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Lesson 12 : Namespaces And Statics

We finally cover the rest of the stuff we've seen populate our code files since the very first Hello World program.

Lesson Summary:

Namespaces

A namespace is a region of code with a specific name. When you define a namespace, everything within it exists under the context of that namespace. For example, see these two namespaces:

    namespace FirstNamespace

    {

         class MyClass

         {

              void DoStuff() { Console.WriteLine("I am in FirstNamespace"); }

         }

    }

    namespace OtherNamespace

    {

         class MyClass

         {

              void DoStuff() { Console.WriteLine("I am in OtherNamespace "); }

         }

    }

In this example there are two namespaces, and each has a class named MyClass. Normally, you cannot have two classes with the same name in a single namespace (as would be the case with variables under the same scope). However, objects such as classes can have the same names as long as they are in different namespaces. In the example above, the full name for the first class is FirstNamespace.MyClass, and the full name for the second class is OtherNamespace.MyClass. This is a similar idea to how two different people can share the name "John" but they can be differentiated by their last names, say John Smith and John Potter.

To see the above in action, we can do the following in our Main function:

   FirstNamespace.MyClass class1 = new FirstNamespace.MyClass();

   OtherNamespace.MyClass class2 = new OtherNamespace.MyClass();

   class1.DoStuff();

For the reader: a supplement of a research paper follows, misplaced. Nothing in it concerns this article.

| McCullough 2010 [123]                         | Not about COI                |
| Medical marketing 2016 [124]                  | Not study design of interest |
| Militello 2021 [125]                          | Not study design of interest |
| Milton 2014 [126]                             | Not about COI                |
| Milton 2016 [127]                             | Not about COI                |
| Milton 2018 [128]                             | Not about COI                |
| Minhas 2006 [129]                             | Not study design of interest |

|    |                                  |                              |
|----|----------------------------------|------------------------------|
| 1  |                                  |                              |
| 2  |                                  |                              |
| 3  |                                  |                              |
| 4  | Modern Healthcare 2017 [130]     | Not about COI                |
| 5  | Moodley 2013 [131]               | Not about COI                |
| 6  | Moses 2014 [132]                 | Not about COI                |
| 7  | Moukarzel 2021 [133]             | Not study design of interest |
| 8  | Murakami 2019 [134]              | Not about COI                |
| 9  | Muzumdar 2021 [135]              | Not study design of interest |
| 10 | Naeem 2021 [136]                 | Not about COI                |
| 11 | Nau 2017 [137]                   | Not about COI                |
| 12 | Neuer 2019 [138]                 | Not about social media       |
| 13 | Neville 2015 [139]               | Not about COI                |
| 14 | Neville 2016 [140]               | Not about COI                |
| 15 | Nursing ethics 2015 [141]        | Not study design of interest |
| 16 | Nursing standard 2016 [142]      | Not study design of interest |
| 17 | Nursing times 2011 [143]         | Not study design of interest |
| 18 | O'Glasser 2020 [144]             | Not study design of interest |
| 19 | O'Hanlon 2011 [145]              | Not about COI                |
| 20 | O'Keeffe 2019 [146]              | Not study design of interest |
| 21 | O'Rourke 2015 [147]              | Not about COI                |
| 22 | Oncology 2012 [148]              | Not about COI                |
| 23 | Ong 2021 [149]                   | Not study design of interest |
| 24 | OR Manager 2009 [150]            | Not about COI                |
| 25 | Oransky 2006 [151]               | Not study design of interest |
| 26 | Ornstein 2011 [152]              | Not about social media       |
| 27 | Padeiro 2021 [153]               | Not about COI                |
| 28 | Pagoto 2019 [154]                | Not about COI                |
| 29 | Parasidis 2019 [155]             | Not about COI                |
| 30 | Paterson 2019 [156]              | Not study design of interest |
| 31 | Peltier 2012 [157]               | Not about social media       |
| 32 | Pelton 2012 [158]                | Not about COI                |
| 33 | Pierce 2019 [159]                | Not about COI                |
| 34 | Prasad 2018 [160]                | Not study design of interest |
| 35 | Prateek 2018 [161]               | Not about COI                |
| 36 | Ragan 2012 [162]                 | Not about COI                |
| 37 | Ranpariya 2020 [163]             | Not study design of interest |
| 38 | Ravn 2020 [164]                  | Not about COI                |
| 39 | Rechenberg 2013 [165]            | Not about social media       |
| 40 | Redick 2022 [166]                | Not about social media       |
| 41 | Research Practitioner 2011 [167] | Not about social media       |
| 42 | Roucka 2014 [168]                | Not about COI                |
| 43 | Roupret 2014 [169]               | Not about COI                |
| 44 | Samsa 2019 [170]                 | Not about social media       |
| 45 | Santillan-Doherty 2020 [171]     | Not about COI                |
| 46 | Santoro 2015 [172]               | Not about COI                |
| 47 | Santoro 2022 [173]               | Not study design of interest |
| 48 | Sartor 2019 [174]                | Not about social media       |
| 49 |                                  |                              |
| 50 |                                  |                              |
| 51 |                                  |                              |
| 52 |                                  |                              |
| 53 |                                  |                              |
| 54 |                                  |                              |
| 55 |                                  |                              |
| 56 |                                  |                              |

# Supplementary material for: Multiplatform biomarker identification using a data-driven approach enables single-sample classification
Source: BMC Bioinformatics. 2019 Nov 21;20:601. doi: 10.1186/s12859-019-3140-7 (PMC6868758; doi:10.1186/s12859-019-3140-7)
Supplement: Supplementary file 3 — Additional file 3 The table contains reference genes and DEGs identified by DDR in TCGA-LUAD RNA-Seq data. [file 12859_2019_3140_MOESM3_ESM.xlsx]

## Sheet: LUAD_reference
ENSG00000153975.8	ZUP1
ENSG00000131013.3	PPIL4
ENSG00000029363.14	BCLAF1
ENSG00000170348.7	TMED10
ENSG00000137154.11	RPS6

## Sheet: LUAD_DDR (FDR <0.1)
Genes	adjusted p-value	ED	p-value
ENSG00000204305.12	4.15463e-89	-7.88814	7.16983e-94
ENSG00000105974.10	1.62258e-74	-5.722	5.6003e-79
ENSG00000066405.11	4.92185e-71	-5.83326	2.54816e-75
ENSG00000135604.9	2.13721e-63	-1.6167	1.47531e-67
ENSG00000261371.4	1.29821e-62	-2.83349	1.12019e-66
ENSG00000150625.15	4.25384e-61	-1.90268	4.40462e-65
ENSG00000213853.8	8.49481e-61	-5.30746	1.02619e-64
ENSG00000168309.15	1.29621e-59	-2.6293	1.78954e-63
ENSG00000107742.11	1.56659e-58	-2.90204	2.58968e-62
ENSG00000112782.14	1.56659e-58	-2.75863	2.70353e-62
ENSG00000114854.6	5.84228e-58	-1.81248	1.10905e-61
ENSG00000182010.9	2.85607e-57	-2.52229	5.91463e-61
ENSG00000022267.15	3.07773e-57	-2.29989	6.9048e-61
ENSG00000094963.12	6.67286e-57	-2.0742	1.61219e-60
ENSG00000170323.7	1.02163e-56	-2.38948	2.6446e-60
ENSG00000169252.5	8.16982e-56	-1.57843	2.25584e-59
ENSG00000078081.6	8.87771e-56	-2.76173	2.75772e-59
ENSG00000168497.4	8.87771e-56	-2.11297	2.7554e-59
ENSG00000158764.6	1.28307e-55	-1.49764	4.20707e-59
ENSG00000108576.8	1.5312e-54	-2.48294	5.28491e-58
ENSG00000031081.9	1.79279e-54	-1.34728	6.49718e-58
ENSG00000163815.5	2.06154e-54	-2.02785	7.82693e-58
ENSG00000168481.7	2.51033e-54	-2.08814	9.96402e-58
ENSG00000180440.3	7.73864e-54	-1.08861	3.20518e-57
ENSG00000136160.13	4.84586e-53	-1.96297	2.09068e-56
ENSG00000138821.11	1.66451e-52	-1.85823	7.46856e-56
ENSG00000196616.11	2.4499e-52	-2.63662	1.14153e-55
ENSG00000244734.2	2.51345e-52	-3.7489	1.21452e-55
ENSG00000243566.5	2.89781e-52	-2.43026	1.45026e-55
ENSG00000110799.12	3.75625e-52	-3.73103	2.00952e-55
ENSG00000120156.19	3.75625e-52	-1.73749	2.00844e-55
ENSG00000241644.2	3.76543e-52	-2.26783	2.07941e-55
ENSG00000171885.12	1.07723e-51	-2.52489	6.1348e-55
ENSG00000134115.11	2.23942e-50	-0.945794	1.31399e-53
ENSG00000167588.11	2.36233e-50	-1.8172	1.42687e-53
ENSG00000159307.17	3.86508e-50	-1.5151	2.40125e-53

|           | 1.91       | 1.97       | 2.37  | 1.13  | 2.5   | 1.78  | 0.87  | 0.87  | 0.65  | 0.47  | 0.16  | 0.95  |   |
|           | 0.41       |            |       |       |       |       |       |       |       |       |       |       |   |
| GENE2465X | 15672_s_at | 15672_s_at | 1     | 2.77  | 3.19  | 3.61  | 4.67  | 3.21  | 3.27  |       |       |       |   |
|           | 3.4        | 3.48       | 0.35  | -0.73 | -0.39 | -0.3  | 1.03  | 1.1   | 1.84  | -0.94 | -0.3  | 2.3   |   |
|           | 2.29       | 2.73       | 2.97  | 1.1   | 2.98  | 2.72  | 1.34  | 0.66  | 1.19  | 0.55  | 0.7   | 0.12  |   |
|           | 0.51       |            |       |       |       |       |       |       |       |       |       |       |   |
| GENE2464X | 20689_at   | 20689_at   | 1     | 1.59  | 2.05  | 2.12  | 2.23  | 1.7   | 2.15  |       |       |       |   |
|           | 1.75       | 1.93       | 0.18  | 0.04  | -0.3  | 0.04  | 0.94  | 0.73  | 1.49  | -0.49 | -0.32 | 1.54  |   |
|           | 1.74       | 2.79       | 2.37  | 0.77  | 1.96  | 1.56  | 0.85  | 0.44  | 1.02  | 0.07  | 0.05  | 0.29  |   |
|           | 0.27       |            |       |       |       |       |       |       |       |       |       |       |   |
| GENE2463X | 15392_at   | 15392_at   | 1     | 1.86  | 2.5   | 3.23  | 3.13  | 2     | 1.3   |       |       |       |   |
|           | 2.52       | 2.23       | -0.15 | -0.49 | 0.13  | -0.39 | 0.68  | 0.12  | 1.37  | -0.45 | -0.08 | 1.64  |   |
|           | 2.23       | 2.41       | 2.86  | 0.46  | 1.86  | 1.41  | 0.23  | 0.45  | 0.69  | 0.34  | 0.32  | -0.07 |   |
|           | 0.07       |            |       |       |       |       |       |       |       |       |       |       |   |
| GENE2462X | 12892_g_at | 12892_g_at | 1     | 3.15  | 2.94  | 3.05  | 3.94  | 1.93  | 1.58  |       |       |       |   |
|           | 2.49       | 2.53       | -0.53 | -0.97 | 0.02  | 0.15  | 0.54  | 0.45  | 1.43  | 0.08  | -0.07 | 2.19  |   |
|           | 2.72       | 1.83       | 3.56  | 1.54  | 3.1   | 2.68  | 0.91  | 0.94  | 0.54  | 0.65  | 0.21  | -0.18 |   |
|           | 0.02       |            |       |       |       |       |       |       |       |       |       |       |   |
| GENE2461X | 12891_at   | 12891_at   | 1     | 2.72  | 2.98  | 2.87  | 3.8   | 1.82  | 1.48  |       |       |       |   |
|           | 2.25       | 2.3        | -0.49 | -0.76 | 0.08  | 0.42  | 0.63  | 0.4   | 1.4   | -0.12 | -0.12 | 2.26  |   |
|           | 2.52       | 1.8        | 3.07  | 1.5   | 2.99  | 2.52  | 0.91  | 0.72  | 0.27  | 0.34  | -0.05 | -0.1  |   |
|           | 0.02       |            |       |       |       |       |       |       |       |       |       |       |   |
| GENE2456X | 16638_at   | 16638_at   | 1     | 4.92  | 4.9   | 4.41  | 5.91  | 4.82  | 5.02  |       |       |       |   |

class2.DoStuff();

If you run the above code, you will see that, despite having the same name (excluding namespace), both classes behave differently when calling DoStuff, since they are different due to being in different namespaces.

Note that you do not need to specify a namespace while you are within that namespace:

    namespace FirstNamespace

    {

         class MyClass

         {

              void DoStuff() { Console.WriteLine("I am in FirstNamespace"); }

         }

         class OtherClass

         {

             void DoStuff()

             {

                MyClass thing = new MyClass(); // Does not need to specify FirstNamespace

             }

         }

    }

In the example above, we see that it's not necessary to fully qualify the class MyClass with FirstNamespace.MyClass because we are already within FirstNamespace. Thus, that namespace is assumed. However, it's still acceptable to write out FirstNamespace.MyClass, and it could be helpful in cases of ambiguity.

Usings

As it turns out, there are two totally different uses for the keyword "using"  in C#. In this lesson I will cover the one that relates to the statements often seen at the top of a code file, such as "using System;"

A using statement is an alternative to specifying a namespace directly. When writing a using statement followed by a namespace (such as System or System.Collections.Generic), all objects within that namespace are implicitly identified without needing to specify their namespace specifically. For example, see this full code file:

   using System;

   namespace ConsoleApplication2
   {
     class Program
     {
         static void Main(string[] args)
         {

             Console.Out.WriteLine("Hello World");
         }
      }
   } 

Note the "using System" at the top. Also note (when writing the code in Visual Studio) that Console is colored blue, and if you hover the mouse over it, it will be identified as "System.Console". It turns out, Console belongs to the namespace System. If we remove "using System;", Console will no longer be blue and we will get an error:

   namespace ConsoleApplication2
   {
     class Program
     {
         static void Main(string[] args)
         {

             Console.Out.WriteLine("Hello World"); // Compiler complains that Console does not exist
         }
      }
   }

This can be fixed by adding the using, or by specifying the namespace explicitly as described in the previous section:

    System.Console.WriteLine("Hello World");

You can also specify the namespace explicitly even while having the using, which could be necessary in case of namespace conflicts.

Conflicts: